Bloomingdale in Washington, District of Columbia — The American Northeast (Mid-Atlantic)
—LeDroit Park/Bloomingdale Heritage Trail —
Benjamin O. Davis, Sr., who was named the U.S. Army's first African American general in 1940, attended Mott in the 1880s. As a young boy growing up at 381 W Street, Davis cared for two family cows kept on open land between his house and Howard University. He and friends hunted rabbits and squirrels on the Soldier's Home grounds north of the university.
The Mott School closed in 1977 and was replaced with a parking
St. George's Episcopal Church, now at Second and U Street, was organized in 1930 to serve longtime residents as well as refugees from the gentrification and urban renewal of Georgetown and Tenleytown. Father Adolphus A. Birch, who led the church until 1966, is remembered for his warmth and easy manner. "He made me want to come to church," recalled Carolyn Giles Smith, who grew up nearby. The current church building opened in 1969.
LeDroit Park and its younger sibling Bloomingdale share a rich history here. Boundary Street (today's Florida Avenue) was the City of Washington's northern border until 1871. Beyond lay farms, a few sprawling country estates, and undeveloped land where suburban communities would rise. Nearby Civil War hospitals and temporary housing for the formerly enslaved brought African Americans to this area in the 1860s. Howard University opened just north of here in 1867. Boundary Street (today's Florida Avenue) was the City of Washington's northern edge until 1871.
Around this time, a Howard University professor and trustee and his brother-in-law, a real estate speculator, began purchasing land from Howard University to create LeDroit Park, a suburban
For its first two decades, wealthy whites set up housekeeping in LeDroit Park. By 1893, African Americans began moving in. Soon LeDroit Park became the city's premier black neighborhood. Bloomingdale remained a middle- and upper-class white neighborhood until the 1920s, when affluent African Americans began buying houses in the area south of Rhode Island Avenue.
Among the intellectual elites drawn here was poet Paul Laurence Dunbar. The trail's title, Worthy Ambition, comes from his poem, "Emancipation": Toward noble deeds every effort be straining./Worthy ambition is food for the soul!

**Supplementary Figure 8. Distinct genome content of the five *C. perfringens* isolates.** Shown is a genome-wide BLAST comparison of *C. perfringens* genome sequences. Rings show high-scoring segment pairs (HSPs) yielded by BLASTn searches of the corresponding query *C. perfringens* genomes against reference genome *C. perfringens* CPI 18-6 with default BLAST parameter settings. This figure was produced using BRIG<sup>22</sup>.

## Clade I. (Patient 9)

Although this area declined in the mid-20th century as affluent homeowners sought newer housing elsewhere, revitalization began in the 1970s. The stories you find on Worthy Ambition: LeDroit Park/Bloomingdale Heritage Trail reflect the neighborhood's -- and Washington's -- complicated racial history and the aspirations on its citizens.
Worthy Ambition: LeDroit Park/Bloomingdale Heritage Trail is an Official Washington, DC Walking Trail. The self-guided, 2.5-mile tour of 16 signs offers about 90 minutes of gentle exercise. For more DC neighborhoods, please visit www.CulturalTourismDC.org.
Erected 2015 by Cultural Tourism DC. (Marker Number 7.)
Marker series. This marker is included in the LeDroit Park/Bloomingdale Heritage Trail marker series.
Location. 38° 55.062′ N, 77° 0.87′ W. Marker is in Bloomingdale, District of Columbia, in Washington. Marker is on 2nd Street Northwest near Elm Street Northwest, on the right when traveling north. Touch for map. Marker is at or near this postal address: 150 V Street Northwest, Washington DC 20001, United States of America. Touch for directions.
Other nearby markers. At least 8 other markers are within walking distance of this marker. Government Girls (about 500 feet away, measured in a direct line); Anna Julia Hayward Cooper Residence (about 600 feet away); Christian Fleetwood and Sara Fleetwood Residence Site (about 700 feet away); A Voice from the South (about 800 feet away); Bloomingdale (about 800 feet away); Best in the Country (approx. 0.2 miles away); Robert and Mary Church Terrell House (approx. 0.2 miles away); Water for the City (approx. 0.2 miles away). Touch for a list and map of all markers in Bloomingdale.
Categories. • African Americans • Churches & Religion • Education •
Credits. This page was last revised on March 21, 2019. This page originally submitted on November 23, 2017, by Devry Becker Jones of Washington, District of Columbia. This page has been viewed 127 times since then and 44 times this year. Last updated on March 8, 2019, by Devry Becker Jones of Washington, District of Columbia. Photos: 1, 2, 3. submitted on November 23, 2017, by Devry Becker Jones of Washington, District of Columbia. • Bill Pfingsten was the editor who published this page.